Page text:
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Megan Billings Pottery

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How Pottery is Made

 

Watch a potter at work! Here are demonstrations of throwing on the wheel, pulling handles, and other various stages of making pottery by hand. This work cycle usually takes one month to complete, as I work on many pieces at once in order to fill my large kiln.  

 

  Each piece of my pottery begins as a lump of porcelain clay. Porcelain demands a great deal of skill to throw, but is desirable for its bright white colour and fine texture. I weigh each lump of clay, to help achieve consistent sizes.
  

 

First, the clay must be centered on the wheel. Each piece is made on a round wooden bat, so that it can be easily removed from the wheel after throwing. 

  The next stage is called "opening." I use my thumb to push down in the center, and open up the piece, leaving clay at the bottom as well.
 The clay is squeezed together between my fingertips, to "pull" the clay up from the bottom of the piece. It takes several pulls, and a great deal of practice and skill, to achieve an even thickness throughout the piece. 
 I begin shaping the piece with my fingers, on the final pull.  
  A metal rib is used for the final shaping, to smooth the outside while my fingers press from the inside. When the shaping is completed, the piece is removed from the wheel.
 The piece is allowed to dry (slowly) to a leather hard stage (about the consistency of cheese), before it is returned to the wheel. I use a trimming tool to remove excess clay from the bottom of the pot. I trim a clean "foot," and sign the bottom using an old pen without ink.  
  

Any required handles or knobs are attached right after trimming. I "pull" all of my handles from a lump of clay, shaping it with my fingers. Next the mug and handle are "scored" where they will be attached, and pressed together. Items with handles or other attachments must be dried slowly, especially with porcelain.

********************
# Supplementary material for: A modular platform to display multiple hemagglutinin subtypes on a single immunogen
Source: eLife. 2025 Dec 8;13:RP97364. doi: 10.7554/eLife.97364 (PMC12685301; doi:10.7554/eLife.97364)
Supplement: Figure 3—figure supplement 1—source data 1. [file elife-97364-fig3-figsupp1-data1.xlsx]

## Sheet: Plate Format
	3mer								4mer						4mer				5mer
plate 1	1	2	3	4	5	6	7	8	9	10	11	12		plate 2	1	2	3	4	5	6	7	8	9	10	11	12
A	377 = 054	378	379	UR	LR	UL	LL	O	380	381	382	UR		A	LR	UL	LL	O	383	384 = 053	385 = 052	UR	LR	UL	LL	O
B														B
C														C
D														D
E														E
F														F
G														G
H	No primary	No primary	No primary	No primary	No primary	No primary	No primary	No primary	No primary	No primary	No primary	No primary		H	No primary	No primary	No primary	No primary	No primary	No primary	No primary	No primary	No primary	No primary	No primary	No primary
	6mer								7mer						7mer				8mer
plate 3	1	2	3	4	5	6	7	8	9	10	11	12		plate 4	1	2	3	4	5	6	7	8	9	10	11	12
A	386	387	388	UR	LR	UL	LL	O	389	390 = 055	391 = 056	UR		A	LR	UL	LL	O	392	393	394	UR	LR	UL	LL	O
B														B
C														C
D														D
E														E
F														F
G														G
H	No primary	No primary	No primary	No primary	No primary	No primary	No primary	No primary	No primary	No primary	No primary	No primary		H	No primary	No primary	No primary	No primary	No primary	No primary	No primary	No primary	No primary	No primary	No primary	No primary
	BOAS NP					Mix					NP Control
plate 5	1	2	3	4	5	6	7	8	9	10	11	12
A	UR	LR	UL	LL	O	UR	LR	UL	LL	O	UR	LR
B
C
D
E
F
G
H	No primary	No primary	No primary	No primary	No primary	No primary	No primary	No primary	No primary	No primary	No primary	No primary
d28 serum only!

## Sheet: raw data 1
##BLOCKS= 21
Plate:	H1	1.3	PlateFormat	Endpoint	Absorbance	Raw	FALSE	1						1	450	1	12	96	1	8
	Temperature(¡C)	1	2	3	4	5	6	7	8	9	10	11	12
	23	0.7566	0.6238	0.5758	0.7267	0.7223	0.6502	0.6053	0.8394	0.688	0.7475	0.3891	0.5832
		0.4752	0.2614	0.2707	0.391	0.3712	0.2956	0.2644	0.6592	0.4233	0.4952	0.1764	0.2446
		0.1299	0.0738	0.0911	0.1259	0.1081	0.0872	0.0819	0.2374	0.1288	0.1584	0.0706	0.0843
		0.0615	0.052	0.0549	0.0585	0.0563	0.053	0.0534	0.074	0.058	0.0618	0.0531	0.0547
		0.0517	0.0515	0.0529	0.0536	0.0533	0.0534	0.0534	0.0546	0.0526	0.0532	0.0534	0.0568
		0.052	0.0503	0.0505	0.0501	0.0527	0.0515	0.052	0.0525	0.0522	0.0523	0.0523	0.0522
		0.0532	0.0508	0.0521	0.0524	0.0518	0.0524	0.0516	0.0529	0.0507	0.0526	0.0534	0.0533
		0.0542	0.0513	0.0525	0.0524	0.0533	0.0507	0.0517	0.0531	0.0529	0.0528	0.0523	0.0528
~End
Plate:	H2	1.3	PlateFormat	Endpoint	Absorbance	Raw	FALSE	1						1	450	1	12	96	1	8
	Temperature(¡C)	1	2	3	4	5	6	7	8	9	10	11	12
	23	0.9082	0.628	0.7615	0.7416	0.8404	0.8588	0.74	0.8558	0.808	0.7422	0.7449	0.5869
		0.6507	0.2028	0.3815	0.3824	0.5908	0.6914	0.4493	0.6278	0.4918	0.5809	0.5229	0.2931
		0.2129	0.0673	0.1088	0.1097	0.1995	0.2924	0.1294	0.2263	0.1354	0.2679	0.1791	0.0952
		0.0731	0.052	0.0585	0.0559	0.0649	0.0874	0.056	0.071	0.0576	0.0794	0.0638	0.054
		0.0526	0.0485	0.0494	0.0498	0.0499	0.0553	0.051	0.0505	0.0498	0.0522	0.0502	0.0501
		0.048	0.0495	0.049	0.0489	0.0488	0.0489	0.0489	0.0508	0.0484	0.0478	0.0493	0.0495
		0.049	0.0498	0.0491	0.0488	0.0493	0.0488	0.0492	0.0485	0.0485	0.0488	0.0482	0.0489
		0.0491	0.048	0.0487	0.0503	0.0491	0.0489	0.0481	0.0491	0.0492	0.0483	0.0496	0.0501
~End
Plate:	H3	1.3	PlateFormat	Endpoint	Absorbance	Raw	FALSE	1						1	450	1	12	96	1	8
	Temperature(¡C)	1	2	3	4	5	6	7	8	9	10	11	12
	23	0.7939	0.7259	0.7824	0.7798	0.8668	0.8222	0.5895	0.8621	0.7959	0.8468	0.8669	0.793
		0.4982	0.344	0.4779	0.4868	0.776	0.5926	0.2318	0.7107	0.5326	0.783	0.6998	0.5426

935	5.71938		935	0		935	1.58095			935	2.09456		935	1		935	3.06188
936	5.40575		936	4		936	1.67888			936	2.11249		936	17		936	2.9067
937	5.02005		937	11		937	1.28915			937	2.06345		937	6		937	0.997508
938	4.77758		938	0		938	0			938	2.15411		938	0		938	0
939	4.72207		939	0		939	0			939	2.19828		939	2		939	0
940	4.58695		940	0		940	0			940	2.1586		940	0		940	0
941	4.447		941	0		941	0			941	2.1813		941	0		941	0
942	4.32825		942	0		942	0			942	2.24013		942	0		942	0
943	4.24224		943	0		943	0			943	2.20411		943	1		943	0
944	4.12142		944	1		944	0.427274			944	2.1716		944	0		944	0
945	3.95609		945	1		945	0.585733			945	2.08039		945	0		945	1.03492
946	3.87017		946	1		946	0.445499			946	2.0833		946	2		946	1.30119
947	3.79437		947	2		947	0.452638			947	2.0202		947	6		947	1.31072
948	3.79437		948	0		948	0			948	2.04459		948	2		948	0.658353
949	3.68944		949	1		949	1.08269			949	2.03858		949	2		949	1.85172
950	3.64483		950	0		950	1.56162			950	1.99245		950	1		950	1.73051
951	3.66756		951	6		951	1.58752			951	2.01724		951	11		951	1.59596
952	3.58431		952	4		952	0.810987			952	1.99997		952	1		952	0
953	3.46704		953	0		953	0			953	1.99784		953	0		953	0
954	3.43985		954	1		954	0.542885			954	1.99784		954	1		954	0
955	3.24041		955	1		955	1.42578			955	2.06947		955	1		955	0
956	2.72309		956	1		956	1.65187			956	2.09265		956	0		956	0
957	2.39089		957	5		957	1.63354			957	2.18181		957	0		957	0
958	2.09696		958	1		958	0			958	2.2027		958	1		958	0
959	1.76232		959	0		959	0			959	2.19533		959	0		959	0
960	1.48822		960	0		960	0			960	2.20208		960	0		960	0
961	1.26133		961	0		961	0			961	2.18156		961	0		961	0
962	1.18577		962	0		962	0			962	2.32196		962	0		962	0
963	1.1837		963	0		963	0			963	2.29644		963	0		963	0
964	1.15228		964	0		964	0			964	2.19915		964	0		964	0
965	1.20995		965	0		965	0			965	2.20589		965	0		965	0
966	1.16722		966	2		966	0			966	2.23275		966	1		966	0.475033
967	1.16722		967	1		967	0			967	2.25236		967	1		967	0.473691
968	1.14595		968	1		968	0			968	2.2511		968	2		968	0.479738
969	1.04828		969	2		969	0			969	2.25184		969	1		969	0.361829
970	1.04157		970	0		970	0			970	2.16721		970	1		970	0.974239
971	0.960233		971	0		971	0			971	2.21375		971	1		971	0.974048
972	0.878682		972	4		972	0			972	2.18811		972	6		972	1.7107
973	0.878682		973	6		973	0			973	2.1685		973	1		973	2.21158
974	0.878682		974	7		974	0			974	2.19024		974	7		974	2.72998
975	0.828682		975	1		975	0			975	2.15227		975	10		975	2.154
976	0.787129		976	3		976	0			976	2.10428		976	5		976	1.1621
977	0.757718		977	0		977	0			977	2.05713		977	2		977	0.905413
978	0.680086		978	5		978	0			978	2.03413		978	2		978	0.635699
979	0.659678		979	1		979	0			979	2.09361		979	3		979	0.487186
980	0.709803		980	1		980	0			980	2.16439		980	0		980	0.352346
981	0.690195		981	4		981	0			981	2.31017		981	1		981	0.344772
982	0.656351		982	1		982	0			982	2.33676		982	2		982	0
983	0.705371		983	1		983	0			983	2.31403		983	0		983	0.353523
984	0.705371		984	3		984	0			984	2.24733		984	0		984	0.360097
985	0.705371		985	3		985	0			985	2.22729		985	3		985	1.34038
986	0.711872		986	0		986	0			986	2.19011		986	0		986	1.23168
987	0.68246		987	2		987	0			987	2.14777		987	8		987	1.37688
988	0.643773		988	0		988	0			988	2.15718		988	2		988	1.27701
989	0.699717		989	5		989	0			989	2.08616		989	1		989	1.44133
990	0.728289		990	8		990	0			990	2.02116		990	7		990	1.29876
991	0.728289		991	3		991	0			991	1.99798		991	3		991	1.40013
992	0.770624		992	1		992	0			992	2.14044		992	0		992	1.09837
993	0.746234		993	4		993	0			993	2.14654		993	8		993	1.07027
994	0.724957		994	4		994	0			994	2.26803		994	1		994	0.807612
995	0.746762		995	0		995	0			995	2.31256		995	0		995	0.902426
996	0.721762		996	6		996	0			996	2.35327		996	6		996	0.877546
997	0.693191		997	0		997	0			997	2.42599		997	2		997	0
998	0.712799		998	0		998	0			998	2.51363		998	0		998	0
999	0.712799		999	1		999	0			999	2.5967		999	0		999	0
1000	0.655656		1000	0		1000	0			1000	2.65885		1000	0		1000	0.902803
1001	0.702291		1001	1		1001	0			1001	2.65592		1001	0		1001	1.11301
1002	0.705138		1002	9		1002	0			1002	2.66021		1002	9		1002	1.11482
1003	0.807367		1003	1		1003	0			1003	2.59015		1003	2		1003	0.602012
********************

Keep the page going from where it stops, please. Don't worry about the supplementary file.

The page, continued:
When the work is air-dry (and very fragile), I hand-decorate each piece. I use different colours of "underglaze" to achieve the brilliant colours. At the time of application, the colours look dull and opaque. A great amount of imagination is required to visualize the end result. After the work is decorated, it is loaded in the kiln and fired for the first time (called a "bisque"). 
  

Each firing is a 3-day process: the kiln is loaded one day, and started. The firing takes about 12 hours for a bisque and 15 hours for a glaze, and stretches into the second day. On the third day, about 24 hours after the firing is complete, the kiln is cool enough to unload.

 

After the bisque firing, the pieces are lightly sanded and a wax is applied to the bottom so that the glaze will not absorb there. Each piece is wiped with a  damp sponge to remove dust. Then they are dipped into a bucket of raw glaze. When the glaze has dried, I touch up each piece, and load the kiln for the second time.

 
 My work is fired to Cone 6, or 1220 degrees Celsius (2228 F), for the glaze firing. In this firing, the underglaze colours become brilliant, and the glaze over top becomes clear. After the firing, the bottom of each piece is sanded smooth, and the process is complete! 

 

 

Megan Billings Pottery Upper Hainesville (Crabbe Mountain), New Brunswick CANADA

506-463-8397 (res) 506-442-2471 (cell) megan@billingspottery.com